A project to build a solar+storage community microgrid within the Montecito, CA, fire district is being developed as a national model for other communities across the country, according to the Clean Coalition and the World Business Academy. The two organizations are boot-strapping the project and have raised some funding for the microgrid, within the unincorporated community of about 10,000 in Santa Barbara County. The size of the system will be 70 kilowatts of solar and 175 kW/hours of lithium-ion energy storage.
The Montecito Community Microgrid Initiative is one response to the devastating Thomas Fire in December 2017, and the mud slides that followed in January 2018. Two persons were killed and 300,000 acres were burned in the fire, then 15-foot mud rivers killed 23 and damaged 400 homes.
The devastated areas lie within the Goleta Load Pocket, a region that spans 70 miles of coastline, encompassing the cities of Goleta, Santa Barbara (including Montecito), and Carpinteria, according to the initiative. The region is a highly transmission-vulnerable, served by a single transmission line.
Last week, the Montecito Fire Protection District Board of Directors unanimously approved moving forward on an MOU to proceed with Community Microgrid efforts for its headquarters and fire stations, according to the initiative. Next week, the initiative officials will meet with the local water utility to advance the idea of a microgrid for its service area. The sanitation utility is also a target for a microgrid.
The Clean Coalition and the World Business Academy work will involve staging the Montecito project, which includes aligning stakeholders, performing engineering and economic analyses, and identifying investors to leverage the tax credits that are available to the parties that will own the Community Microgrid assets. The energy from the microgrid generation sites will be delivered to end users through power purchase agreements (PPAs).
The Fire Department microgrid is the first of several conceptually planned for Montecito. The Montecito Community Microgrid Initiative aims to build multiple community microgrids in the area, ensuring the continuous operation of critical and priority facilities in the event of future disasters, the initiative says. The project also will provide ongoing energy resilience to the broader Santa Barbara region that is served from Southern California Edison’s Goleta Substation.
“The Fire Department is all too familiar with the dangers posed by extreme weather events like the Thomas Fire and the subsequent debris flow. This modern energy system will enable us to better serve the Montecito community, as well as provide much-needed redundancy to our essential service,” “said Montecito Fire Chief Chip Hickman, in a statement.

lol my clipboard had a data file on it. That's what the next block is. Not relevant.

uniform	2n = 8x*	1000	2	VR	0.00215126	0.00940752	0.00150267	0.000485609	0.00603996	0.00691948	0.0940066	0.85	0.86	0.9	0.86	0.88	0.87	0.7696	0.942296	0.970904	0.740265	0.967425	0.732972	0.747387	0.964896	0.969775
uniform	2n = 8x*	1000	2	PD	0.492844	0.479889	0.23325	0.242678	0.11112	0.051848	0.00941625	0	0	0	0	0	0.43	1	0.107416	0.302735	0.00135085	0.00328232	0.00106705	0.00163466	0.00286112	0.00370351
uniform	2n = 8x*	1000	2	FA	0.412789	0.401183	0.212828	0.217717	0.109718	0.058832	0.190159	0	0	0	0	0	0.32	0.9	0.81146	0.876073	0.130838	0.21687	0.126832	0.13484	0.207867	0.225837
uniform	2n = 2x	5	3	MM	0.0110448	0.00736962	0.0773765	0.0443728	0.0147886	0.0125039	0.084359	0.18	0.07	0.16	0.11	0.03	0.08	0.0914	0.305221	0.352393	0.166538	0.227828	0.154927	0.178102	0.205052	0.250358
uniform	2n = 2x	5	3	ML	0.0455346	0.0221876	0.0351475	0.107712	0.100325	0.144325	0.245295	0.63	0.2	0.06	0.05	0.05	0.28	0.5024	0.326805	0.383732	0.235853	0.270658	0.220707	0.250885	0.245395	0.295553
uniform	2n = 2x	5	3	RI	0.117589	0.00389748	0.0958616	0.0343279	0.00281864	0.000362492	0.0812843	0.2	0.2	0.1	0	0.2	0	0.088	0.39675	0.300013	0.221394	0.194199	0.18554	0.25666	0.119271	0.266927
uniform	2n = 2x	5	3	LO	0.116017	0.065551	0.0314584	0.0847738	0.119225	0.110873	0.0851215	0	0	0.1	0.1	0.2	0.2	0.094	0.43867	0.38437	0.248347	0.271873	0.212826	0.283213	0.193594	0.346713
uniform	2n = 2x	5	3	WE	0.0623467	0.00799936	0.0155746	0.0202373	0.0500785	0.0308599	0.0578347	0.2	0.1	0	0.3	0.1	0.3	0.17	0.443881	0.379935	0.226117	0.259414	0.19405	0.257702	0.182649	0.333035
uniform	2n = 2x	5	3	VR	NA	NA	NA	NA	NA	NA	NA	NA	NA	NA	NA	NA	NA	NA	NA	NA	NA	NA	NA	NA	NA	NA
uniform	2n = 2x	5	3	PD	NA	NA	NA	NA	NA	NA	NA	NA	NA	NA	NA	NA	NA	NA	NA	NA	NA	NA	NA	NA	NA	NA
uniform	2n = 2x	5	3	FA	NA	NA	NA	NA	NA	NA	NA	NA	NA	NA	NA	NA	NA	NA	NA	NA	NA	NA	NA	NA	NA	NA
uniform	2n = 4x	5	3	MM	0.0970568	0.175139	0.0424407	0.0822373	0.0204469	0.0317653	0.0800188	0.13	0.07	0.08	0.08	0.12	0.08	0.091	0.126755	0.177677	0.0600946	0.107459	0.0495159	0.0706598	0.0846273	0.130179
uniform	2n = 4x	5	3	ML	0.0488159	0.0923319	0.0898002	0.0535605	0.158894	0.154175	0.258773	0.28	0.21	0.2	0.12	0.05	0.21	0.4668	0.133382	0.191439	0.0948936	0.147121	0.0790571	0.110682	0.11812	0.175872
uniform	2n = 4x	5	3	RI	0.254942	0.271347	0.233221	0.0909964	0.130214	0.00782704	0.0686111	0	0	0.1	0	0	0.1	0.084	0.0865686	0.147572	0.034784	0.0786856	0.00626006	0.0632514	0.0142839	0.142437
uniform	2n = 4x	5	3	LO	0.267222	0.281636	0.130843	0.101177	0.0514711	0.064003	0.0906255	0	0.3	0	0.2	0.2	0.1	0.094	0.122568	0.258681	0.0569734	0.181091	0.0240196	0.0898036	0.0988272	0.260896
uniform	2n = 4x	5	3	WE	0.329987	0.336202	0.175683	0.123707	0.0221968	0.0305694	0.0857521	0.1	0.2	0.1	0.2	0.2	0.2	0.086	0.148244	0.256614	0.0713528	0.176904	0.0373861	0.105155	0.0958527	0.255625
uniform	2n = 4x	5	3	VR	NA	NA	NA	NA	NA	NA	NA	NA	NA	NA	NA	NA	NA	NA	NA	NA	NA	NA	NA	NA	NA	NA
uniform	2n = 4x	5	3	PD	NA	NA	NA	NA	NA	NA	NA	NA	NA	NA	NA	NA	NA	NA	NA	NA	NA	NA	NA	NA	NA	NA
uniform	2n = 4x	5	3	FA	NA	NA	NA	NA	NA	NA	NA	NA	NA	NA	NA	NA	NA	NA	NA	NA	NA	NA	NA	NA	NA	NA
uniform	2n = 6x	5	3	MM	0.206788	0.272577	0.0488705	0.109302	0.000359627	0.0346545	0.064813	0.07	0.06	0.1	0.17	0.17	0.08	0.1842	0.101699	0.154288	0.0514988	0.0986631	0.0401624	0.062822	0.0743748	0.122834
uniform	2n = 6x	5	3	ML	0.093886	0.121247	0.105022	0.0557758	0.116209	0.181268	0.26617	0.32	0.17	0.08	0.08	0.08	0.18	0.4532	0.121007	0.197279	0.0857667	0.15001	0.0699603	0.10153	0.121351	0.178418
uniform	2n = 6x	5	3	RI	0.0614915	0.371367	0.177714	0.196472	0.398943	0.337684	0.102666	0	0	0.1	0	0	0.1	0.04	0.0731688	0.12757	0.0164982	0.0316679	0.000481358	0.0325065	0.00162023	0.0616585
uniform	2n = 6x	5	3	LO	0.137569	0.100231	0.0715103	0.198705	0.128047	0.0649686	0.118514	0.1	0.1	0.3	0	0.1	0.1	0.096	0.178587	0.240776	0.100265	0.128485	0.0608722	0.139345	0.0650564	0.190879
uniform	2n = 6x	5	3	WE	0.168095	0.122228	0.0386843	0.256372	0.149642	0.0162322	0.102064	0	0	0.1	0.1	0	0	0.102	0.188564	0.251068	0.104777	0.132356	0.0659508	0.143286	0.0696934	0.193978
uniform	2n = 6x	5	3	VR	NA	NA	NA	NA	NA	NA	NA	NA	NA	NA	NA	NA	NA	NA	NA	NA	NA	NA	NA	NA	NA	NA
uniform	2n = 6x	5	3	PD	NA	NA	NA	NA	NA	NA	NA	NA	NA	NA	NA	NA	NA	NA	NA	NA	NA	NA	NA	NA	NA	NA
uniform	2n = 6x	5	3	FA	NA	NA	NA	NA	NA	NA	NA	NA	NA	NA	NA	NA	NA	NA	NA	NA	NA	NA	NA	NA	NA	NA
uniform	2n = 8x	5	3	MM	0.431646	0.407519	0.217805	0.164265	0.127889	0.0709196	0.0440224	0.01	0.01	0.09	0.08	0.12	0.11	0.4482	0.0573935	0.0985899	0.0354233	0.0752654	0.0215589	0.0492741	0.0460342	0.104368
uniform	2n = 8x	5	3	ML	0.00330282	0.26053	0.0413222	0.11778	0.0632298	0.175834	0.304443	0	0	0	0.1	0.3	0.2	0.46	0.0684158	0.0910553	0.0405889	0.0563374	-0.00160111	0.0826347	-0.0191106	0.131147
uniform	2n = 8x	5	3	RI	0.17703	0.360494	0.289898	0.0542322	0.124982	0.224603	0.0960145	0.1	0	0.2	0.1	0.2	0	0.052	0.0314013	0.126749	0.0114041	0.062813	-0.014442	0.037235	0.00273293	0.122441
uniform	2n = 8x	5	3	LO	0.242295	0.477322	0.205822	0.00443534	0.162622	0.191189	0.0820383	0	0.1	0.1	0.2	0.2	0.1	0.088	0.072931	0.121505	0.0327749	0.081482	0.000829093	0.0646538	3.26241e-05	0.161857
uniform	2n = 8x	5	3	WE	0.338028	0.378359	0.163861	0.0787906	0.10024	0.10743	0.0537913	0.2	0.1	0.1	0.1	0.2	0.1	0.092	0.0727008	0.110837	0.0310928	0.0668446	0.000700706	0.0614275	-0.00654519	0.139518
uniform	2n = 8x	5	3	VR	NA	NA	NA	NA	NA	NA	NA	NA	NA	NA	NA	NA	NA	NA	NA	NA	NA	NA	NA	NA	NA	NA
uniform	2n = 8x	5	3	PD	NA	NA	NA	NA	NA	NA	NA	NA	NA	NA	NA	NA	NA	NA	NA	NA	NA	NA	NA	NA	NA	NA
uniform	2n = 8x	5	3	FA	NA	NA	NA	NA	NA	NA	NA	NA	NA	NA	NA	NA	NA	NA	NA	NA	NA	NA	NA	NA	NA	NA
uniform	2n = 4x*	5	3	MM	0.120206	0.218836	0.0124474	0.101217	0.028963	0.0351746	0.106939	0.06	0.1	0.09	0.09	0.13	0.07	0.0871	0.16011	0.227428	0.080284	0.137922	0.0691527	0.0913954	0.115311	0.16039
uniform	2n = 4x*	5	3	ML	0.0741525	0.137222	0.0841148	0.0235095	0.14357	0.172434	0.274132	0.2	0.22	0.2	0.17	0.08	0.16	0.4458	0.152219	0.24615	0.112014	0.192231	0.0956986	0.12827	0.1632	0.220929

Following the Fire Department microgrid, plans are to extend other microgrids to cover a gas station, banks, the post office, the Montecito Association headquarters, supermarkets, pharmacies, restaurants, and a hotel casino.
The Montecito project is one of eight different configurations across the country that the Clean Coalition hopes to develop as demonstration community microgrids, according to Craig Lewis, the founder of the Menlo Park, CA-based group.
The eight configurations include:
- Direct current (DC) and alternating current (AC) solar+storage couplings
- Behind-the-meter (BTM) and wholesale distributed generation (WDG) proximities to the customer meter
- Net energy metering (NEM) and Feed-In Tariff (FIT) rate tariffs
- Rule 21 and wholesale distribution tariff (WDT) interconnection tariffs
Among other demonstration microgrids in California are the North Bay Community Resilience Initiative in Sonoma and Napa Counties, and the Valencia Gardens Energy Storage Project. In New York, projects include the Hunters Point Community Microgrid Project, and the Long Island Community Microgrid Project.
The Clean Coalition states, “The Community Microgrid Initiative is designed to achieve Community Microgrid demonstration projects that prove that local renewables connected to the distribution grid can provide at least 25% of the total electric energy consumed while maintaining grid reliability and power quality.”
Among configurations for microgrid demonstration projects is a lower-cost capacity design. The amount and location of local renewables would be brought online, using existing voltage regulation and advanced inverters, with minimal investment in the distribution grid. A medium-cost capacity involves local renewables that can be brought online with cost-effective storage and some investment in the distribution grid. And a higher-cost capacity design involves local renewables that can island essential services with additional storage, local reserves, and more substantial investment in the distribution grid, Clean Coalition explains.
“Serving as models for modernizing America’s electrical system in the most intelligent manner possible, these Community Microgrid demonstration projects will help realize the Clean Coalition’s vision: From 2025 onward, at least 25% of all electricity generated from newly added generation capacity in the United States will be from local renewable energy sources,” the group states.